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Last month I watched a fascinating movie called the Bang Bang Club, which chronicles the lives of four photojournalists in South Africa. The group, which included Pulitzer Prize winners Greg Marinovich and Kevin Carter, conducted a series of high-risk photo shoots portraying the violence and civil unrest that marked the Apartheid era. The Bang Bang Club risked their lives entering urban areas with heavy gunfire to capture photos of the violence for the local and international press. In 1994, two of the photojournalists were injured from crossfire during one of their shoots.  One of the photographers died while the other was hospitalized, but recovered.

It was around the same time, in the early 1990s, that live coverage of the war in Iraq came to television screens around the world. One of the key catalysts to CNN’s growth was the coverage it provided from Baghdad during the Gulf War. I remember sitting in my college dorm room watching CNN reporters such as Peter Arnett and John Holliman who were on the ground in Iraq. When video could not be streamed Bernard Shaw relayed news received via audio transmissions. CNN had negotiated a special agreement with the Iraqi government which allowed for a permanent audio connection that continued uninterrupted during the bombings. At the time the idea of live coverage of political and military events was revolutionary.

In the past few months there have been numerous uprisings in the Middle East and North Africa. Starting in December 2010 a series of protests and demonstrations commonly known as the Arab Spring occurred in countries ranging from Bahrain and Yemen to Morrocco and Algeria. Revolutions occurred in Tunisia and Egypt. However, the way information has been shared during these most recent events greatly differs from the Gulf War or Apartheid battles of the early 1990s. Today, some of the best information is being generated not by the BBC or CNN, but by citizen journalists who are participating in the uprisings. Not only are social platforms being used to organize protests, but they are being leveraged to report the results. One Egyptian activist tweeted during the protests, “We use Facebook to schedule the protests, Twitter to coordinate, and YouTube to tell the world“.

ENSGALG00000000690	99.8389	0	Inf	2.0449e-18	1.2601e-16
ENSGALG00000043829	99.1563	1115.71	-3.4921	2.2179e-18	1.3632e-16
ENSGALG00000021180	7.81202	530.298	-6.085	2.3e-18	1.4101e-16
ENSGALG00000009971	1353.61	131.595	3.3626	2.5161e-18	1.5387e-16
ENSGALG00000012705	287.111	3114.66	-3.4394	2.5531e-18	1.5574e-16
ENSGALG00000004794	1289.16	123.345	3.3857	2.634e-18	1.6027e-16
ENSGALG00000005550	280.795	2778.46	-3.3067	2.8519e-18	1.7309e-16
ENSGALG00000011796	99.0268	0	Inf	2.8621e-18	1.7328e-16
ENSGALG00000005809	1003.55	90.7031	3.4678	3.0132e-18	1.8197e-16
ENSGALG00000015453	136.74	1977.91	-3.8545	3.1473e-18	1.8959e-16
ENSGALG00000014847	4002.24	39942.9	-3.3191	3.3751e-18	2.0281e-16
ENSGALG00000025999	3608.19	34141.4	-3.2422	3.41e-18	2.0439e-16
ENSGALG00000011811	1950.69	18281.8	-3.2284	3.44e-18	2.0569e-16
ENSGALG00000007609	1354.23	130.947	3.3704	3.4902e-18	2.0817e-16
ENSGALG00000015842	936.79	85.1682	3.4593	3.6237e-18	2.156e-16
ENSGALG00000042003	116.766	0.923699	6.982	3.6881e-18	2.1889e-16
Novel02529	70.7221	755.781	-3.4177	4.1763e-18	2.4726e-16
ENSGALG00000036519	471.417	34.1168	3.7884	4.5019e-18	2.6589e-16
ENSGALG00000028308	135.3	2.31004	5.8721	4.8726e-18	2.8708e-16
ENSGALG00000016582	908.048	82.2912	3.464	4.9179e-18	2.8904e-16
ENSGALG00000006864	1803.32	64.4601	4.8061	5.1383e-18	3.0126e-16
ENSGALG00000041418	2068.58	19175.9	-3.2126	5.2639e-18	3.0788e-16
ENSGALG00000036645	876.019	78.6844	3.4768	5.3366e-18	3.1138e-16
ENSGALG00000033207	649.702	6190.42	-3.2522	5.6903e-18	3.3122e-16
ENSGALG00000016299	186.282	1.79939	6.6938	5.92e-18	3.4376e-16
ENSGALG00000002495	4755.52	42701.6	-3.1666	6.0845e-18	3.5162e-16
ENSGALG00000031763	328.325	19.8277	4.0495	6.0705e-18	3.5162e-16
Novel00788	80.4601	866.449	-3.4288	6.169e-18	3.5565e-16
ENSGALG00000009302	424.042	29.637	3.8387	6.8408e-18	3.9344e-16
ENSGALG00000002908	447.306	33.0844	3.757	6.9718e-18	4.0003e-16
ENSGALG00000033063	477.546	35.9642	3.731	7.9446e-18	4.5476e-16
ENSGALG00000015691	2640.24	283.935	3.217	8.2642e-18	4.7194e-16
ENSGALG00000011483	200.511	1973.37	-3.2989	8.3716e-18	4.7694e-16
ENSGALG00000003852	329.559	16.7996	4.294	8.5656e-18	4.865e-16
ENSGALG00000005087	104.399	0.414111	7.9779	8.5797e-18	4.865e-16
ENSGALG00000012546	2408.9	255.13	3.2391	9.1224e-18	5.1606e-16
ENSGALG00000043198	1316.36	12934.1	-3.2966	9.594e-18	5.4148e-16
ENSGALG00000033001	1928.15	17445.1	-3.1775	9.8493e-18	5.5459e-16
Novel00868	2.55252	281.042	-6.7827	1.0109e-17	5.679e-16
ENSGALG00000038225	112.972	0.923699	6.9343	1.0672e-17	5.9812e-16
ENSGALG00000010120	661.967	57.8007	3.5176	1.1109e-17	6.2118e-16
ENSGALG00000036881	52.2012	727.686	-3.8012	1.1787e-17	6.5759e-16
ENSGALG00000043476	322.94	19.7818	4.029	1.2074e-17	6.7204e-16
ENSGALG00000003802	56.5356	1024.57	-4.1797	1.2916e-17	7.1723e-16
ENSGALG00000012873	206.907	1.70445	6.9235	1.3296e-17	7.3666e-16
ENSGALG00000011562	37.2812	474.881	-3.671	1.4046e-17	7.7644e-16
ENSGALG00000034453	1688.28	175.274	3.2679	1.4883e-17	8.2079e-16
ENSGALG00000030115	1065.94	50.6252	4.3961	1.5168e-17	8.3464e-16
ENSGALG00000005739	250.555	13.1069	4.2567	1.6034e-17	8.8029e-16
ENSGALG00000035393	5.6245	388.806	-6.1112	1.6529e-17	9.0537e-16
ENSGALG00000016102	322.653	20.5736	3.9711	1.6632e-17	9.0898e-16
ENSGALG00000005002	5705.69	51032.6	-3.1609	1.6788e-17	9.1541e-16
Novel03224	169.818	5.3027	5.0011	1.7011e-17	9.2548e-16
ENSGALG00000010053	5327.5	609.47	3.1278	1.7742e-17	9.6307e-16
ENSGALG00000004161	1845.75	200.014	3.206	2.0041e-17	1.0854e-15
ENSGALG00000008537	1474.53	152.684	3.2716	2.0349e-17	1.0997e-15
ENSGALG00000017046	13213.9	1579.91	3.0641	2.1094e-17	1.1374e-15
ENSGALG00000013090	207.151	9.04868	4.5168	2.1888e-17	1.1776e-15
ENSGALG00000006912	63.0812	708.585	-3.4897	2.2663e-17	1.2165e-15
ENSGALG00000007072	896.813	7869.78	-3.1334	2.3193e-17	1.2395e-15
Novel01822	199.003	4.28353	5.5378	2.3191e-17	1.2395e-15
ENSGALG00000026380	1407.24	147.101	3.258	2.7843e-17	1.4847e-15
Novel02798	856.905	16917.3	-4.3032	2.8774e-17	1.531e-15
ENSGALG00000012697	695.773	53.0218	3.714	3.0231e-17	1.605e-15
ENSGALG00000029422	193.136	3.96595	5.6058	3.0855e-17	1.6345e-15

The Arab Spring news coverage is just one of many examples of how social media has significantly changed the role and activities of journalists.  I should point out that the two, citizen and professional journalists, are not competing.   A more accurate way of stating this is that the professional news organizations are able to augment their coverage of political events with contributions from amateur sources.   Professional journalists are benefiting from a real-time feed of news, photos and videos delivered over the Internet.  In the future, as the reliability of citizen journalism improves reporters may not need to risk their lives to report live from war zones.

Of course, a similar trend is occurring in technology and business journalism as well.  Prolonged recessions and lower advertising revenues are forcing publications to find more innovative ways to capture the news. For example, tech and business journalists no longer need to fly around the world to attend trade shows.  And incidents such as the Icelandic volcano (Eyjafjallajökull) eruption that disrupted trans-Atlantic travel for several weeks have driven the more cautious travelers to reconsider the need for live attendance.  Much of the information can be gathered simply by monitoring live streaming videos, microblogging services and photo- sharing sites.

You might think that the ability for users to gain the benefits of attending a conference without paying the registration fees would be a negative for the tradeshow business.   However, I think the event business is actually benefiting from the emergence of social media. Because people can engage in real-time conversations during and after the event, it is drawing interest back to tradeshow participation and sponsorship.

These are just a few examples of how social media is revolutionizing functions such as journalism and tradeshows.  What is perhaps most interesting is that rather than displacing these functions social tools are being used to enhance the content and experience for end-users.

Steve Keifer

Steve Keifer has led marketing and product management teams at seven different SaaS and cloud providers ranging from venture-backed, early-stage startups to multi-billion, publicly traded companies - including several that experienced hypergrowth, filed IPOs, and reached unicorn status. In Bantrr, Steve shares many of the best practices and lessons learned from building and scaling marketing organizations. Topics include new category creation, brand development, and demand generation.

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